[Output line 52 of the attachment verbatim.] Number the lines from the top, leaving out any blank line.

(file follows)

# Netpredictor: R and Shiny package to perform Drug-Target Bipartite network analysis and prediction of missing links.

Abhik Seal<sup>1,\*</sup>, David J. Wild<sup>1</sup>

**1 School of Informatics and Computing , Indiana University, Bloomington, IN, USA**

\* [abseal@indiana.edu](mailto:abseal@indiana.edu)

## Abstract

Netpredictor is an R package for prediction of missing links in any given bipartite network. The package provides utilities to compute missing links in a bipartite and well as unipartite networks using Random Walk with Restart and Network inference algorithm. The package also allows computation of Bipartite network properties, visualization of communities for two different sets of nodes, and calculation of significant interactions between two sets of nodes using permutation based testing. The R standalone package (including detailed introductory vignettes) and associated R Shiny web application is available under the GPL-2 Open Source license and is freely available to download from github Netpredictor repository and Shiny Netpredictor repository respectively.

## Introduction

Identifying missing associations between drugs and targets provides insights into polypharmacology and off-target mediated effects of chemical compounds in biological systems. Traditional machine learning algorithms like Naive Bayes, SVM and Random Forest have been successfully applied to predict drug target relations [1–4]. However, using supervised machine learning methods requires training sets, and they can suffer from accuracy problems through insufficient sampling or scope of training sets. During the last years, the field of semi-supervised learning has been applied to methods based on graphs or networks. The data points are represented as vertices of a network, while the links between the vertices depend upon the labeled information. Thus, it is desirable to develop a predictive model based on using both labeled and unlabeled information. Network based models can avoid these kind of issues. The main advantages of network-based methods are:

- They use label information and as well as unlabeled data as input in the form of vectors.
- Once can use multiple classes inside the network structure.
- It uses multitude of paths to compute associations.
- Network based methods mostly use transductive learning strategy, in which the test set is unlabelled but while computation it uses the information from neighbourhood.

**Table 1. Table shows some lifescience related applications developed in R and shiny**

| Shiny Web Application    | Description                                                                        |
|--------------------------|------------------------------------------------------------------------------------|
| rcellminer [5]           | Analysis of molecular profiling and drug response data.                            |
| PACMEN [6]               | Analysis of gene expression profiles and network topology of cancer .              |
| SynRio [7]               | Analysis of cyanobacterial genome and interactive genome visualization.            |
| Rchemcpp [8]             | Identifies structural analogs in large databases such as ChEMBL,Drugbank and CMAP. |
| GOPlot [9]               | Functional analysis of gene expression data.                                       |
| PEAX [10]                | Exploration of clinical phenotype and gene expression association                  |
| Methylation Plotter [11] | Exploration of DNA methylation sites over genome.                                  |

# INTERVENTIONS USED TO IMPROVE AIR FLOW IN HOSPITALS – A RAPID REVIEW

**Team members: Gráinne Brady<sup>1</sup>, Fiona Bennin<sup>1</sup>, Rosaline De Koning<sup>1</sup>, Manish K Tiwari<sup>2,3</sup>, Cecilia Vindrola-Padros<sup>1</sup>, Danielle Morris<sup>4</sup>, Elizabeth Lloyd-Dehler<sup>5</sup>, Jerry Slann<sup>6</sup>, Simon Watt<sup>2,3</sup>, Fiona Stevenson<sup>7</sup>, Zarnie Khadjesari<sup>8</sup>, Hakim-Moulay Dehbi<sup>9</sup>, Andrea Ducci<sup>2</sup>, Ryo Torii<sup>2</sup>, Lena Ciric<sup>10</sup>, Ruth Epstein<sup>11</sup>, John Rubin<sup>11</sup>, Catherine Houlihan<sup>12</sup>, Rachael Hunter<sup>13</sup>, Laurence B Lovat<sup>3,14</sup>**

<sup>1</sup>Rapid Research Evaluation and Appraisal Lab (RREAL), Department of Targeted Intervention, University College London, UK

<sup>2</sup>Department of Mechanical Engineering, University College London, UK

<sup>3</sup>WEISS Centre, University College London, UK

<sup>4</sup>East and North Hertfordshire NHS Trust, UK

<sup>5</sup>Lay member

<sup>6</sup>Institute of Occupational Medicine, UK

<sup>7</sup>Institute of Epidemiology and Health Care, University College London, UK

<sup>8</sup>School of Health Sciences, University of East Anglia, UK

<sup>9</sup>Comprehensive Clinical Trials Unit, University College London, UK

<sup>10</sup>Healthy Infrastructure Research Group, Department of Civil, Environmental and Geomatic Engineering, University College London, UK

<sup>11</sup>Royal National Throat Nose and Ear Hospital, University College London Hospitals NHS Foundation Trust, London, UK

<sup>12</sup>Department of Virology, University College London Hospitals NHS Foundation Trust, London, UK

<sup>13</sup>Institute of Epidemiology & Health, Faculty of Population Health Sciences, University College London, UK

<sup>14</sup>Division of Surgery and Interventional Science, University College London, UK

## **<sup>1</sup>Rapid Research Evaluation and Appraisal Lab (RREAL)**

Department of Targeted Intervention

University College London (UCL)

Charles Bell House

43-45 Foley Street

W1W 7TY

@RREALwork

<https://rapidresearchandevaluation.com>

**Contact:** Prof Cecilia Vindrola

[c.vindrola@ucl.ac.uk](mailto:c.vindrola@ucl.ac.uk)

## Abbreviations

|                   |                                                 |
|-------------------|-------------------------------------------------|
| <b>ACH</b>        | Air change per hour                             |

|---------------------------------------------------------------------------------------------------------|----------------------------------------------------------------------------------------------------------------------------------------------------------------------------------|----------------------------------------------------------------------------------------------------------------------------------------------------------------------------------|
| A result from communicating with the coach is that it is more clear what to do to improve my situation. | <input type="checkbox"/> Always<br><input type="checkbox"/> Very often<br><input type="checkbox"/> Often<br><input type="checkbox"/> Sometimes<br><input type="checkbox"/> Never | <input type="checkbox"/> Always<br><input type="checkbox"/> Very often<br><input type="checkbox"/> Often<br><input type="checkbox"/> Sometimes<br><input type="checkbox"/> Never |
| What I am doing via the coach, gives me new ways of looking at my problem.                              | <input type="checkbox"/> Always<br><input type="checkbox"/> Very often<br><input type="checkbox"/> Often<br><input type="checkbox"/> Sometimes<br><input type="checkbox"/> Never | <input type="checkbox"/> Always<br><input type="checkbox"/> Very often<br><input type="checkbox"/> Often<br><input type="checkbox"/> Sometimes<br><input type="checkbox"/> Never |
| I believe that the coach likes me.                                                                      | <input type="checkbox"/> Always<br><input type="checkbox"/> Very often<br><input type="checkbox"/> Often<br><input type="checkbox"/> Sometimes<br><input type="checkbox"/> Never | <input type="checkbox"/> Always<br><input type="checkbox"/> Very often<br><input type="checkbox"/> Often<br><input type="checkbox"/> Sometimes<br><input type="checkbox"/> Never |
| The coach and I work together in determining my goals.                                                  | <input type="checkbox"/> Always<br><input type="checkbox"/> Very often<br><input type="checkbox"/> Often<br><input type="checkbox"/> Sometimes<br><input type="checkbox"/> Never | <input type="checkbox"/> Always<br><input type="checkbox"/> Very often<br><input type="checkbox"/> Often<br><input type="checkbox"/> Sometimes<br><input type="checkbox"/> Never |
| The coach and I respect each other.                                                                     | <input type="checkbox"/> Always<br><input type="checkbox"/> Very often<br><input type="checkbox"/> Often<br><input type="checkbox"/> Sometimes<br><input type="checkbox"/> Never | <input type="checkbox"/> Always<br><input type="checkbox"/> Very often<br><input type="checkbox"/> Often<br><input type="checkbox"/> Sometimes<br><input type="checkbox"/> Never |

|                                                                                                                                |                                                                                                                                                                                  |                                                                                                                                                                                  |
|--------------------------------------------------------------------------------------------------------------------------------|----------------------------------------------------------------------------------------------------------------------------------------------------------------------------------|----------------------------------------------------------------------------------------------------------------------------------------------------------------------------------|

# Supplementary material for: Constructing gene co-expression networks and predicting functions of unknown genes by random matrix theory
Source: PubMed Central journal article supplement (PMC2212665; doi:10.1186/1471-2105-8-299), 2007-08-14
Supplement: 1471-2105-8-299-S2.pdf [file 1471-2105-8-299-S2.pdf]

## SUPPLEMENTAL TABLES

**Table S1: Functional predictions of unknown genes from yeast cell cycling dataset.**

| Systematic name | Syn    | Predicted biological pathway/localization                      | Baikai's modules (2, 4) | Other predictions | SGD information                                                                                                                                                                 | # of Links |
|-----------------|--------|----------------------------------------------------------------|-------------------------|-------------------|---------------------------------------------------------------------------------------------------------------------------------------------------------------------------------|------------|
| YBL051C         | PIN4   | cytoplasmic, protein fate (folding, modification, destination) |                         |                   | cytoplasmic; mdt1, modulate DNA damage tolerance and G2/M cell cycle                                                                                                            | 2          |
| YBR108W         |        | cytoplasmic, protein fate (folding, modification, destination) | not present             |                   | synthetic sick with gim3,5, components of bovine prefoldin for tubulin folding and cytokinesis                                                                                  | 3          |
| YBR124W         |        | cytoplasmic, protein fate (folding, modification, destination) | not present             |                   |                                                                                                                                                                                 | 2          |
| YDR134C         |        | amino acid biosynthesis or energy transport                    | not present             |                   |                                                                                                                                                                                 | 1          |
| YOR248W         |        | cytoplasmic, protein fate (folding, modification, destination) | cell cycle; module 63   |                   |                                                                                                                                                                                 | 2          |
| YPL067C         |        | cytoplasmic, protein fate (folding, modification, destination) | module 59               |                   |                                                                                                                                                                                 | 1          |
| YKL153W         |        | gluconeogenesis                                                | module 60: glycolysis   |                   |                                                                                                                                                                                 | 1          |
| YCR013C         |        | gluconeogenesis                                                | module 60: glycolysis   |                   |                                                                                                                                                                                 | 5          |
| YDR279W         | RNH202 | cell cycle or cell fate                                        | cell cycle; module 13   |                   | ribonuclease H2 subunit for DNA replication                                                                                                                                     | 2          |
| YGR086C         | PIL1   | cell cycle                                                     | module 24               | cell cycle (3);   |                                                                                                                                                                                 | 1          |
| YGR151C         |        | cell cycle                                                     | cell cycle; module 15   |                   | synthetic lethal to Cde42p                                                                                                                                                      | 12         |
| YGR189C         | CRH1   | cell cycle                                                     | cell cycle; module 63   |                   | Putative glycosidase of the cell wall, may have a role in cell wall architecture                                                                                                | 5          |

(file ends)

| <b>ACH</b>        | Air change per hour                             |